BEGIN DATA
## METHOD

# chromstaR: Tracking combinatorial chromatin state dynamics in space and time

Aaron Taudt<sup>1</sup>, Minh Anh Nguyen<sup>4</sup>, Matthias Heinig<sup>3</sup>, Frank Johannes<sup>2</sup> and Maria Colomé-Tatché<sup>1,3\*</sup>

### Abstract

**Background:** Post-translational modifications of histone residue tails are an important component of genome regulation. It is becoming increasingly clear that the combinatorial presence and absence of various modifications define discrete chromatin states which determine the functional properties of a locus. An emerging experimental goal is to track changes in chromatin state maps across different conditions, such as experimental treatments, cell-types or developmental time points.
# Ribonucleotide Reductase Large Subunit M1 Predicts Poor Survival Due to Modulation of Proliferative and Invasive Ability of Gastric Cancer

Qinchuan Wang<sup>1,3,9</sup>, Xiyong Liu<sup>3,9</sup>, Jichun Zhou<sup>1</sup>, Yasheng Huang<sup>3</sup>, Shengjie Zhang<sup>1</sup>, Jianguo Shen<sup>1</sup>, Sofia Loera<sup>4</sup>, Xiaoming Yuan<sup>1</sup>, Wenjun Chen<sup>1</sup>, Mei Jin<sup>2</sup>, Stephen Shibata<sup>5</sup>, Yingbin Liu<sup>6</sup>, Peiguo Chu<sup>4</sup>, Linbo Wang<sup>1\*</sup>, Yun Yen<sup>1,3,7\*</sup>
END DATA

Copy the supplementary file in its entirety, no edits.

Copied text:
## METHOD

# chromstaR: Tracking combinatorial chromatin state dynamics in space and time

Aaron Taudt<sup>1</sup>, Minh Anh Nguyen<sup>4</sup>, Matthias Heinig<sup>3</sup>, Frank Johannes<sup>2</sup> and Maria Colomé-Tatché<sup>1,3\*</sup>

### Abstract

**Background:** Post-translational modifications of histone residue tails are an important component of genome regulation. It is becoming increasingly clear that the combinatorial presence and absence of various modifications define discrete chromatin states which determine the functional properties of a locus. An emerging experimental goal is to track changes in chromatin state maps across different conditions, such as experimental treatments, cell-types or developmental time points.
# Ribonucleotide Reductase Large Subunit M1 Predicts Poor Survival Due to Modulation of Proliferative and Invasive Ability of Gastric Cancer

Qinchuan Wang<sup>1,3,9</sup>, Xiyong Liu<sup>3,9</sup>, Jichun Zhou<sup>1</sup>, Yasheng Huang<sup>3</sup>, Shengjie Zhang<sup>1</sup>, Jianguo Shen<sup>1</sup>, Sofia Loera<sup>4</sup>, Xiaoming Yuan<sup>1</sup>, Wenjun Chen<sup>1</sup>, Mei Jin<sup>2</sup>, Stephen Shibata<sup>5</sup>, Yingbin Liu<sup>6</sup>, Peiguo Chu<sup>4</sup>, Linbo Wang<sup>1\*</sup>, Yun Yen<sup>1,3,7\*</sup>